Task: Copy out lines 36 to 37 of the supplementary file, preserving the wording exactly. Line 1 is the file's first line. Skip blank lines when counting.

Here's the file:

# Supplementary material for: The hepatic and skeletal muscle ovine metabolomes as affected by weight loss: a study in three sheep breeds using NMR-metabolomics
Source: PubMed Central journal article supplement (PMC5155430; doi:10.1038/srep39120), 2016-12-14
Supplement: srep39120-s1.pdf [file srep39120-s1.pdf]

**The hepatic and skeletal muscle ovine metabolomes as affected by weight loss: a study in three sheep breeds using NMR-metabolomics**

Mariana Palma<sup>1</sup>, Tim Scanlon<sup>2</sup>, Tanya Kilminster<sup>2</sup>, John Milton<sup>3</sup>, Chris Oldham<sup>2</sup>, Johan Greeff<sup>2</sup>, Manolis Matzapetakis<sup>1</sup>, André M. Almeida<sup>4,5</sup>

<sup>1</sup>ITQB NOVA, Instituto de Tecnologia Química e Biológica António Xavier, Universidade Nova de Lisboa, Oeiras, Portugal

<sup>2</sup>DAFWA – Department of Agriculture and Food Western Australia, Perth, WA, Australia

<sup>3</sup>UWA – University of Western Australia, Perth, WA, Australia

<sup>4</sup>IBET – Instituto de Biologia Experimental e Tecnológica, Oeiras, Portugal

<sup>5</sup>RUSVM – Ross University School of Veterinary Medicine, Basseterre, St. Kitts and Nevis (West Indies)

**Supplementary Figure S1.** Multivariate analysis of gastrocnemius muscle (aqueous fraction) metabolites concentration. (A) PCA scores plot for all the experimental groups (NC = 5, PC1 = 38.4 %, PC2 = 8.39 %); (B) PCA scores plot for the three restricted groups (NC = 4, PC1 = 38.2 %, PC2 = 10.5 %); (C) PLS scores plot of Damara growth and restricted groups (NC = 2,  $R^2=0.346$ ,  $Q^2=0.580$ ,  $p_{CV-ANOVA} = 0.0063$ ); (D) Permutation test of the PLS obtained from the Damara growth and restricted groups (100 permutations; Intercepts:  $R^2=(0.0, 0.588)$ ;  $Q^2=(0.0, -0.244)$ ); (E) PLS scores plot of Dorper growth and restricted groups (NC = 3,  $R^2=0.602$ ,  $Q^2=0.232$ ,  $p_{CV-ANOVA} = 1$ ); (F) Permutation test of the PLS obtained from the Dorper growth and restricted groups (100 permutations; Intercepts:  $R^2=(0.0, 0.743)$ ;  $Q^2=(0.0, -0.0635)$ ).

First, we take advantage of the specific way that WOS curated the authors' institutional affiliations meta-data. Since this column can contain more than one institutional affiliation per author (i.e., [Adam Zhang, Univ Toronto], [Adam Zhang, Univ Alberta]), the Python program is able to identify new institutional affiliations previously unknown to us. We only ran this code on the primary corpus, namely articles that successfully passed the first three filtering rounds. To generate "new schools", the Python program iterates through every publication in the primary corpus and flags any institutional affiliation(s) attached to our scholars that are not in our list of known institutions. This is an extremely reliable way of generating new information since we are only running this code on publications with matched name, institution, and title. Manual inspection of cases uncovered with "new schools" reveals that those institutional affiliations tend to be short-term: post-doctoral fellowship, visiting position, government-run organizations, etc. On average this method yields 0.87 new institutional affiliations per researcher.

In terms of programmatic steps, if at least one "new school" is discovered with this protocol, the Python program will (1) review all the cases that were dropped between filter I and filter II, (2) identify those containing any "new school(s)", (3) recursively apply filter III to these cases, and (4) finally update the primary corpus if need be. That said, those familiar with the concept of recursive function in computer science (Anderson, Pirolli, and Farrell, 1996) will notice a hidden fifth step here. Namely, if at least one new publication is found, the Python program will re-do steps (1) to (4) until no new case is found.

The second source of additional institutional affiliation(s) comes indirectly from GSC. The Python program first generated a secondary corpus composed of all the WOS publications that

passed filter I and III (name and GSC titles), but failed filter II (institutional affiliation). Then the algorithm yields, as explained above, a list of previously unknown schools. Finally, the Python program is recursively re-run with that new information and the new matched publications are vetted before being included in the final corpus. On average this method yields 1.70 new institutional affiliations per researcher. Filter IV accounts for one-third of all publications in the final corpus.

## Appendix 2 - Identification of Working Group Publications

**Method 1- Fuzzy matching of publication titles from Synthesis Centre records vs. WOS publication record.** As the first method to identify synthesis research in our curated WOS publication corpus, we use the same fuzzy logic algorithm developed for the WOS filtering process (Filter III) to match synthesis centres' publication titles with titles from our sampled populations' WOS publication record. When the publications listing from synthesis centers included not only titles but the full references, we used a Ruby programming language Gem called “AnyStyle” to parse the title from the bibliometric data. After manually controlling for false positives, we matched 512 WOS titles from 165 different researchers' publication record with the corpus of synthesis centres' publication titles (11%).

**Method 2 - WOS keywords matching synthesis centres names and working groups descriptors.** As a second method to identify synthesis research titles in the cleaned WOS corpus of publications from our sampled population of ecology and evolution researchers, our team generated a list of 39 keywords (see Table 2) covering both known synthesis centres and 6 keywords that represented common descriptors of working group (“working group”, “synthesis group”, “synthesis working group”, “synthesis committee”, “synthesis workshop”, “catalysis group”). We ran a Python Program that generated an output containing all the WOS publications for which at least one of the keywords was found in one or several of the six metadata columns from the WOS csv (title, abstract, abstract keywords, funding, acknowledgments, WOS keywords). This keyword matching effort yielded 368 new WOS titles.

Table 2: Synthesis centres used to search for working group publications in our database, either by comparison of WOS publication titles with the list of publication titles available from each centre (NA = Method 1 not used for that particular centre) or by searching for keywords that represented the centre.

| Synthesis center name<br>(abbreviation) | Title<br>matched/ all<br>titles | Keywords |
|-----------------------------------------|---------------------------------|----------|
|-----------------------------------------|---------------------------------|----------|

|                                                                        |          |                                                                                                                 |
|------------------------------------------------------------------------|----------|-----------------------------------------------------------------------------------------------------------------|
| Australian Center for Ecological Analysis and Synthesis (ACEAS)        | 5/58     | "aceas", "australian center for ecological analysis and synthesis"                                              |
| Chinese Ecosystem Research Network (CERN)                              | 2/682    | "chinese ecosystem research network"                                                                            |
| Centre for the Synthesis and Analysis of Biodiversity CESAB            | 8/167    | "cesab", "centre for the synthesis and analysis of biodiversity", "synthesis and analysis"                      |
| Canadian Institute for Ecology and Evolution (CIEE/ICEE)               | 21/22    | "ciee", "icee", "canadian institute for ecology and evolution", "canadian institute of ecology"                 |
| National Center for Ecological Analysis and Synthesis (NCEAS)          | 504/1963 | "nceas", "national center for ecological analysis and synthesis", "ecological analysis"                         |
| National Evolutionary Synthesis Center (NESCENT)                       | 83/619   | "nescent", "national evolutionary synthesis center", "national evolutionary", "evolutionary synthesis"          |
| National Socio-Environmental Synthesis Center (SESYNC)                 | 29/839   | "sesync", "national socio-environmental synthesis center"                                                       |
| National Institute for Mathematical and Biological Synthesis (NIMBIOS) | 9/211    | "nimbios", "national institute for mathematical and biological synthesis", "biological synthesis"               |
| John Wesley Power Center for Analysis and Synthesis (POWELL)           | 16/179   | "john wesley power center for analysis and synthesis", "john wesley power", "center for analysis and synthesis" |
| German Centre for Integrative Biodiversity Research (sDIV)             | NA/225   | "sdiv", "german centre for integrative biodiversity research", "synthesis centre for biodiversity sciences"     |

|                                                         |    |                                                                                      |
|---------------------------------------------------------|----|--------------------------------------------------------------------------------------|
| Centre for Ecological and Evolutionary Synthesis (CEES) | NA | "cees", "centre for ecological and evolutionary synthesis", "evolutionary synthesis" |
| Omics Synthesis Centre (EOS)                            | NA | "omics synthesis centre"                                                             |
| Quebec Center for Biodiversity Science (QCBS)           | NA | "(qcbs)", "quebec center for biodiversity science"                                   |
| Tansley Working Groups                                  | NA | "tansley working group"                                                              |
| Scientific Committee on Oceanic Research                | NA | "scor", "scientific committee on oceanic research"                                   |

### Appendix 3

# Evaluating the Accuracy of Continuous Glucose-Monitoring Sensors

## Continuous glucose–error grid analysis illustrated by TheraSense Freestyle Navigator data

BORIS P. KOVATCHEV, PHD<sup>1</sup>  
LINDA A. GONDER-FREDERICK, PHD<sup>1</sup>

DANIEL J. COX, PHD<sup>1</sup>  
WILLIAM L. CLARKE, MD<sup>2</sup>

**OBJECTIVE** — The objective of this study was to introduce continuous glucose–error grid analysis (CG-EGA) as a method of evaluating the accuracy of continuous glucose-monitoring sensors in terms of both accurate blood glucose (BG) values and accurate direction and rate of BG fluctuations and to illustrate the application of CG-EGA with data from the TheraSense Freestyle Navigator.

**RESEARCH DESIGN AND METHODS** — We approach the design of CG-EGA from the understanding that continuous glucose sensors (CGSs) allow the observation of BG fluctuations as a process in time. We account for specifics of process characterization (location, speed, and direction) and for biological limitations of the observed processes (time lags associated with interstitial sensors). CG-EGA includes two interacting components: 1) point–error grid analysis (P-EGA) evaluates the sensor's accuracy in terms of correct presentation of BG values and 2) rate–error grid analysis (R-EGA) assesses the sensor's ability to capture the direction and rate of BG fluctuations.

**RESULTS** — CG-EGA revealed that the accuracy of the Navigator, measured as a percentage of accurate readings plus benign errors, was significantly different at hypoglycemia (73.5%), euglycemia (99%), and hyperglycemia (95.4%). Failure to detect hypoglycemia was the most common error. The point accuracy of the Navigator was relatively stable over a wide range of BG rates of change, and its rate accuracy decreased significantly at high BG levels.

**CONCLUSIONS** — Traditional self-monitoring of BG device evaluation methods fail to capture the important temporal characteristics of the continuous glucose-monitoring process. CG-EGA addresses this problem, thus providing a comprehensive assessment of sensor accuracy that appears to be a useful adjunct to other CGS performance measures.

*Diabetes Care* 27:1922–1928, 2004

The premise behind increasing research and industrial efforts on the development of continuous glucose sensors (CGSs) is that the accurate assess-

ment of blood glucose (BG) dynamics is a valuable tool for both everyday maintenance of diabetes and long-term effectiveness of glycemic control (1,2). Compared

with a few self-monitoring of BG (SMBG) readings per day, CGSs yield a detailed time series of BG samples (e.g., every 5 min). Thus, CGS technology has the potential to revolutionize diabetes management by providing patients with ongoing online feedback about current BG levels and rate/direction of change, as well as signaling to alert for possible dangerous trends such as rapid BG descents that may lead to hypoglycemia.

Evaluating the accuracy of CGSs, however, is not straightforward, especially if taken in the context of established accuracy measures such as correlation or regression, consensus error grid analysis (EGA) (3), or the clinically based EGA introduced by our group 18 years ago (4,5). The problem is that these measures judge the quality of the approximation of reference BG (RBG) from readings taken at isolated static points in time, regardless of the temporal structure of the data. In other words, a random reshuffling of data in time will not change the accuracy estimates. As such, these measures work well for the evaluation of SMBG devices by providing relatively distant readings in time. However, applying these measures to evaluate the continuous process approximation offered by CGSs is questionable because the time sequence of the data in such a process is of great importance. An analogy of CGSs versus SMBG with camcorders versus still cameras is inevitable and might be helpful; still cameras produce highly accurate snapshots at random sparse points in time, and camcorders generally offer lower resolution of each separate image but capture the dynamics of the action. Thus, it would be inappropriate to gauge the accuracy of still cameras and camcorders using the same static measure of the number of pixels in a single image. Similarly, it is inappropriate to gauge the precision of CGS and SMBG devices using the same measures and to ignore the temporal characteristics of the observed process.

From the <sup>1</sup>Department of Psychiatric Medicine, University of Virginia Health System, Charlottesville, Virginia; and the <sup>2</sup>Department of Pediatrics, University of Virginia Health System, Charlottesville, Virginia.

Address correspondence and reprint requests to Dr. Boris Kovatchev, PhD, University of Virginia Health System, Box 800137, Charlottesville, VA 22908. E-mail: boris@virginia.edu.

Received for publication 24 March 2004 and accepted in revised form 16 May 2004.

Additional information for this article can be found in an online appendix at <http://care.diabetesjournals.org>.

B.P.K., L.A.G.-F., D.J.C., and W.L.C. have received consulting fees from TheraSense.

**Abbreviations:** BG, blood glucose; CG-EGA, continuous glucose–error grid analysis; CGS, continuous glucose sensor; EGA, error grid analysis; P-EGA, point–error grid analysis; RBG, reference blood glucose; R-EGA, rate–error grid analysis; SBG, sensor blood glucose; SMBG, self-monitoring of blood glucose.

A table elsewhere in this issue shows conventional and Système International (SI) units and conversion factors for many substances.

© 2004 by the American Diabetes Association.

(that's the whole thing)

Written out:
|---------------------------------------------------------|----|--------------------------------------------------------------------------------------|
| Centre for Ecological and Evolutionary Synthesis (CEES) | NA | "cees", "centre for ecological and evolutionary synthesis", "evolutionary synthesis" |